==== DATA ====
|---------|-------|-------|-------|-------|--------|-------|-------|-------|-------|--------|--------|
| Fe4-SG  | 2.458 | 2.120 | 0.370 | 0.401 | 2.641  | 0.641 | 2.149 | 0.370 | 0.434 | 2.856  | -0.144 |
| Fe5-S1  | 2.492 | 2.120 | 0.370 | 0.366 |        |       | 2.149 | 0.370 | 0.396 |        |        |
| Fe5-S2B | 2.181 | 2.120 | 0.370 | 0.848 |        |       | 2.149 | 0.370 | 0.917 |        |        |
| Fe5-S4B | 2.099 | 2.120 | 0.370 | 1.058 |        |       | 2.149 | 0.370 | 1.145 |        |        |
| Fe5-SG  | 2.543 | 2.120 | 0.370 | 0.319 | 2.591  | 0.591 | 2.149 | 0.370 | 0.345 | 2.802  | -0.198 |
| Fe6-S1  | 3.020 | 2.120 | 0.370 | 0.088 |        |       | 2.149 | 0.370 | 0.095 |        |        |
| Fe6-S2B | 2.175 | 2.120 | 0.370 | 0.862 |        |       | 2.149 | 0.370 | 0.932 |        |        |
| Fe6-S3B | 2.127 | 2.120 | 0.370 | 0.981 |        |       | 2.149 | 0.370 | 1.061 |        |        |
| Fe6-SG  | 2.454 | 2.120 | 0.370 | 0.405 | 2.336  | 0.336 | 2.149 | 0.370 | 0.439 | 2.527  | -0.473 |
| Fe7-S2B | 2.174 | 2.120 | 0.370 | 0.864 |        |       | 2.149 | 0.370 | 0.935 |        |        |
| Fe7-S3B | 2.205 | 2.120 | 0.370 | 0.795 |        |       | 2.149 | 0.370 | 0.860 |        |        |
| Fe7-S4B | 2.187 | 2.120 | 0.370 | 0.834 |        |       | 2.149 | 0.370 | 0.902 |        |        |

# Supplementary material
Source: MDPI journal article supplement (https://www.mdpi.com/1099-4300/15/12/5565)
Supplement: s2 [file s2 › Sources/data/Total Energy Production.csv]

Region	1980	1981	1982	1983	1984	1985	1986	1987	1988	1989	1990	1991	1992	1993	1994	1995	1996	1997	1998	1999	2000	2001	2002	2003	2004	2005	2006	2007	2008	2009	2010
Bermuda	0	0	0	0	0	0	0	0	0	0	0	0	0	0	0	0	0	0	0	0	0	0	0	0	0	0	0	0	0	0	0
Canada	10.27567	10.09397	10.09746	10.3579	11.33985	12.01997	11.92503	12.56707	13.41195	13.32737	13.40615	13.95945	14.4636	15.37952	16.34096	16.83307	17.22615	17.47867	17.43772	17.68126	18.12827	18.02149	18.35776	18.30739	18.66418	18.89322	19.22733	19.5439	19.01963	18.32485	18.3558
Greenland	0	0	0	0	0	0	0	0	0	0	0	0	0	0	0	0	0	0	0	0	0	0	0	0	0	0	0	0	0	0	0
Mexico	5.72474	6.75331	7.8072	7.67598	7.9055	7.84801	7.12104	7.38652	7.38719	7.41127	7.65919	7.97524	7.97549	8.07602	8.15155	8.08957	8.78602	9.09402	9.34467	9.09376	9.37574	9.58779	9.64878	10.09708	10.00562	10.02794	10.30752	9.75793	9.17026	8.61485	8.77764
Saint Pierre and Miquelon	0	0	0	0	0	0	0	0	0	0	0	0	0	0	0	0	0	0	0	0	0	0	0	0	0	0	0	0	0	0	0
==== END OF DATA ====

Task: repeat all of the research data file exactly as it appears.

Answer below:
|---------|-------|-------|-------|-------|--------|-------|-------|-------|-------|--------|--------|
| Fe4-SG  | 2.458 | 2.120 | 0.370 | 0.401 | 2.641  | 0.641 | 2.149 | 0.370 | 0.434 | 2.856  | -0.144 |
| Fe5-S1  | 2.492 | 2.120 | 0.370 | 0.366 |        |       | 2.149 | 0.370 | 0.396 |        |        |
| Fe5-S2B | 2.181 | 2.120 | 0.370 | 0.848 |        |       | 2.149 | 0.370 | 0.917 |        |        |
| Fe5-S4B | 2.099 | 2.120 | 0.370 | 1.058 |        |       | 2.149 | 0.370 | 1.145 |        |        |
| Fe5-SG  | 2.543 | 2.120 | 0.370 | 0.319 | 2.591  | 0.591 | 2.149 | 0.370 | 0.345 | 2.802  | -0.198 |
| Fe6-S1  | 3.020 | 2.120 | 0.370 | 0.088 |        |       | 2.149 | 0.370 | 0.095 |        |        |
| Fe6-S2B | 2.175 | 2.120 | 0.370 | 0.862 |        |       | 2.149 | 0.370 | 0.932 |        |        |
| Fe6-S3B | 2.127 | 2.120 | 0.370 | 0.981 |        |       | 2.149 | 0.370 | 1.061 |        |        |
| Fe6-SG  | 2.454 | 2.120 | 0.370 | 0.405 | 2.336  | 0.336 | 2.149 | 0.370 | 0.439 | 2.527  | -0.473 |
| Fe7-S2B | 2.174 | 2.120 | 0.370 | 0.864 |        |       | 2.149 | 0.370 | 0.935 |        |        |
| Fe7-S3B | 2.205 | 2.120 | 0.370 | 0.795 |        |       | 2.149 | 0.370 | 0.860 |        |        |
| Fe7-S4B | 2.187 | 2.120 | 0.370 | 0.834 |        |       | 2.149 | 0.370 | 0.902 |        |        |

# Supplementary material
Source: MDPI journal article supplement (https://www.mdpi.com/1099-4300/15/12/5565)
Supplement: s2 [file s2 › Sources/data/Total Energy Production.csv]

Region	1980	1981	1982	1983	1984	1985	1986	1987	1988	1989	1990	1991	1992	1993	1994	1995	1996	1997	1998	1999	2000	2001	2002	2003	2004	2005	2006	2007	2008	2009	2010
Bermuda	0	0	0	0	0	0	0	0	0	0	0	0	0	0	0	0	0	0	0	0	0	0	0	0	0	0	0	0	0	0	0
Canada	10.27567	10.09397	10.09746	10.3579	11.33985	12.01997	11.92503	12.56707	13.41195	13.32737	13.40615	13.95945	14.4636	15.37952	16.34096	16.83307	17.22615	17.47867	17.43772	17.68126	18.12827	18.02149	18.35776	18.30739	18.66418	18.89322	19.22733	19.5439	19.01963	18.32485	18.3558
Greenland	0	0	0	0	0	0	0	0	0	0	0	0	0	0	0	0	0	0	0	0	0	0	0	0	0	0	0	0	0	0	0
Mexico	5.72474	6.75331	7.8072	7.67598	7.9055	7.84801	7.12104	7.38652	7.38719	7.41127	7.65919	7.97524	7.97549	8.07602	8.15155	8.08957	8.78602	9.09402	9.34467	9.09376	9.37574	9.58779	9.64878	10.09708	10.00562	10.02794	10.30752	9.75793	9.17026	8.61485	8.77764
Saint Pierre and Miquelon	0	0	0	0	0	0	0	0	0	0	0	0	0	0	0	0	0	0	0	0	0	0	0	0	0	0	0	0	0	0	0